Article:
Of course, that is one of the great things about being able to do a year abroad – exposing yourself to new experiences and challenges – but this week has been the most overwhelming and tiring, without a doubt. After the constant concentration, planning ahead, and not always finding quiet time each day to rest (as great a socialising is), it’s not surprising that my emotions go a bit all over the place some days.

I probably will always be the person who takes ten minutes to turn their key in the lock, or the one who leaves their plate of food on the weighing scales. But people are still very patient and lovely (and the staff probably get a chuckle which makes it worthwhile). My ability to laugh along when things don’t always go to plan is improving by the day.

I am still going to the singing workshop twice a week, and enjoy the contrast after a long day of studying. This week at choir we sung a familiar song from the Jungle Book, some of you might know it too? Just for some fun, here’s the Youtube video of the German version, in case anyone is in the mood for some procrastinating:

On the subject of music, I also went to a pop concert with my classmates, which took place in a venue you probably wouldn’t expect. The screechy sounds of the pop (rock, metal, screamo!?) band didn’t harmonise with the neo renaissance University’s impressive neo-renaissance (1886) hall, “Alte Aula” [below].20160811_192814

The band were trying to be international with their banterous narrative in English, however I did find it a shame that most of the songs they played were in English: The Rolling Stones, Queen, The Beetles! Just when I thought it couldn’t get any more bizarre, the band made us, the audience, sing along with them. It wasn’t really singing. We had to repeat “bum, bum, bum” in unison for about ten minutes while the lead singer screamed the lyrics to the Yellow Submarines by the Beetles over the top. I probably won’t be purchasing their CD, but the evening was fun nevertheless.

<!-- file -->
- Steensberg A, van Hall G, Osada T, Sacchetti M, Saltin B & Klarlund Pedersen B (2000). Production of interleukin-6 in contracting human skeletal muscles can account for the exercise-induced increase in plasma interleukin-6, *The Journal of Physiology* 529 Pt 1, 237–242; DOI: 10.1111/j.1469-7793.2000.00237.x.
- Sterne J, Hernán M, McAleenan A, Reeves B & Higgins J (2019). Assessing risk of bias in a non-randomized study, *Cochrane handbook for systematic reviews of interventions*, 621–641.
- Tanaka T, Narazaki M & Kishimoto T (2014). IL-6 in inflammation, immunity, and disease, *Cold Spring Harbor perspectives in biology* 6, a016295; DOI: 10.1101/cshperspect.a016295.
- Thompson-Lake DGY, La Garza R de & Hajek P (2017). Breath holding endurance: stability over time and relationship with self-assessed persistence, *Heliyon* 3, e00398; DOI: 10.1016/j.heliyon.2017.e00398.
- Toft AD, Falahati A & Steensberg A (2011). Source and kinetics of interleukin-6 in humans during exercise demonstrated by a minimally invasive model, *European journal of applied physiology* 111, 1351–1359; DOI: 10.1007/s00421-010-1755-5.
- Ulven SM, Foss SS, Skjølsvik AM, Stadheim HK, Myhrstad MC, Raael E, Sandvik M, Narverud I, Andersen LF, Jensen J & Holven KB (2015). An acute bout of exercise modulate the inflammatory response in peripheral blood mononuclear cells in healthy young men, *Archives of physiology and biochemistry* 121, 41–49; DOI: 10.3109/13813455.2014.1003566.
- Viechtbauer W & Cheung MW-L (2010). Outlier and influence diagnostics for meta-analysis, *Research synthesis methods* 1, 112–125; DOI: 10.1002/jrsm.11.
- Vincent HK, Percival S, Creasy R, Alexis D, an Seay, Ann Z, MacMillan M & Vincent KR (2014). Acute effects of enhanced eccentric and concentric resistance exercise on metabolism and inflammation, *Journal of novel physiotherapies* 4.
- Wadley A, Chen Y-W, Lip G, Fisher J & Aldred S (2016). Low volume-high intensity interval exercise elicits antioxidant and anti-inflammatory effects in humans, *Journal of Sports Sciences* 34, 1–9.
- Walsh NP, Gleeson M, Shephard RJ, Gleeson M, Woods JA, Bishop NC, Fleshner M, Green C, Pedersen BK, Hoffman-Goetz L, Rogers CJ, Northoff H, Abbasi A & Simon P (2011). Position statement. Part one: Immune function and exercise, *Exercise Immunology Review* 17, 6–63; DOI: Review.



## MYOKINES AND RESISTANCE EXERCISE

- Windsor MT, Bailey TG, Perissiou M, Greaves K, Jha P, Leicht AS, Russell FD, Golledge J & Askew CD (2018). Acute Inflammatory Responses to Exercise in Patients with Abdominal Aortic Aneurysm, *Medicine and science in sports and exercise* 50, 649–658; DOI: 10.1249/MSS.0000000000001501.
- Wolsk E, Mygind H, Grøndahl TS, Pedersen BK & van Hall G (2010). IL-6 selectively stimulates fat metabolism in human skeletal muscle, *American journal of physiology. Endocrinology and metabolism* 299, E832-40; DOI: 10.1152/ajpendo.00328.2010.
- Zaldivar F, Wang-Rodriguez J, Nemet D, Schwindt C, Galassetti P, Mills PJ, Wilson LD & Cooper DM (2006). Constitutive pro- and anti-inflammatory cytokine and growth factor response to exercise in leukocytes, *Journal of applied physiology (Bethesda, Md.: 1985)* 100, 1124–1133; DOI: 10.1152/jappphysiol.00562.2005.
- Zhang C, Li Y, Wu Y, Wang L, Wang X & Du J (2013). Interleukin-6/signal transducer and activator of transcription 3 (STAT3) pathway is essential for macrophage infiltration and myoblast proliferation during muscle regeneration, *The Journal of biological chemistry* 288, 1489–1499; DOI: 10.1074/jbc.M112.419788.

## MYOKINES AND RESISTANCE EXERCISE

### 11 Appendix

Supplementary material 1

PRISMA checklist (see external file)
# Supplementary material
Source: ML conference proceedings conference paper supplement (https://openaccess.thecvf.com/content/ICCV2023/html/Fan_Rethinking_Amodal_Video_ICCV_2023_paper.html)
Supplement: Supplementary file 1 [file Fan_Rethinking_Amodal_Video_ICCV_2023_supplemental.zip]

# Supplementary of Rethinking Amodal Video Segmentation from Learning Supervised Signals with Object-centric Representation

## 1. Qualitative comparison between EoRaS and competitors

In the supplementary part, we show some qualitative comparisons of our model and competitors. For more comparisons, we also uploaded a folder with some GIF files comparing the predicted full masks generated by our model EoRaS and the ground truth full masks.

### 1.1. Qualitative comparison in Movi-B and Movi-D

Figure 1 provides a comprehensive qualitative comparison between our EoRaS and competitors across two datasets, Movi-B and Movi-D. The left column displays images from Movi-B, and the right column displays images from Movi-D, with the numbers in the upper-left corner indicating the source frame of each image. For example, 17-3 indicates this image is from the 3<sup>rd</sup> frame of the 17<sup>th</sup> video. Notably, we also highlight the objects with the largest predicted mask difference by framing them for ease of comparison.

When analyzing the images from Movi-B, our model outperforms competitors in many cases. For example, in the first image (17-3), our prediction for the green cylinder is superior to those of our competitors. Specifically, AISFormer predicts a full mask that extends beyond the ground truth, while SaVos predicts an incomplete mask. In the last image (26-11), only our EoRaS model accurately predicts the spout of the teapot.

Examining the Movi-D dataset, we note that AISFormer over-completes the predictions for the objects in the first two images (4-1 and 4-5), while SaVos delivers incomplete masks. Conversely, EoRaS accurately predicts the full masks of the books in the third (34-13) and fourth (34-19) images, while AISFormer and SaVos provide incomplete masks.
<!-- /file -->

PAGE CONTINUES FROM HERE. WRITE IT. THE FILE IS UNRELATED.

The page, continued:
Like many of the evenings here at the Summer School, the concert finished pretty late. As I said in my first post in Heidelberg, I am living some distance from the city centre, and it has taken some time to get used to the public transport system! The buses and trams are usually full in the evenings, so there are no free seats. I have literally gone flying down the aisle more than once (sure many of you can relate to balance problems)!

Where possible I recommend travelling with friends, trying to let people at home know where you are, and keeping aware of your surroundings. Though I know that is easier said than done when you’re about to fall asleep.

On that note – Gute Nacht (goodnight),

misspraxic

 

 

 

 

Heidelberg: grammar, missing trams, boat trips, singing in German, and more grammar

I’m a week and a half down, and I feel like I am learning so much. I have never taken part in such an international project/summer school before: it is a wonderful experience to be meeting so many different people from all over the world.

At school I always felt “weird” for loving languages – I just didn’t fit in. In my language class at Heidelberg, there are no other Brits – but students from France, Germany, Spain, Finland, Israel, Chinese, Poland, Japan, India, Russia, and so on. And I feel like I fit in! People have been friendly and warm towards me, and an enthusiasm for German language and culture unites everyone.

Cultural-Iceberg-2The language lessons are intense: three hours every morning (grammar, comprehension, listening exercises, discussions). It is often a challenge to keep up with everything, but nevertheless I feel myself thinking in German most of the time. I have even dreamt in German. As well as learning more about German culture, it fascinates me to learn how things work differently in other countries and continents, just from having conversations with fellow students. I’m reminded of this ‘cultural iceberg‘ diagram [left] – language is so important because it manifests itself in culture and how we think.

After the initial panic of having to take a tram and a bus to the university from my apartment, I am now also getting used to the transport system… Despite admittedly taking the wrong tram heading for the completely wrong direction once… (but it wasn’t so bad – I ended up meeting an interesting elderly Albanian woman who helped me find my way. She talked to me for the whole journey in an intriguing mix of what I recognised as Albanian, Italian, English and a bit of German. But I think I got the gist.)OLYMPUS DIGITAL CAMERA

Having come from a rural area without regular buses, I appreciate the reliability of buses arriving every ten/twenty minutes. Equally, however, missing the bus because I arrived at the bus stop one minute early/on time is new for me – only in Germany.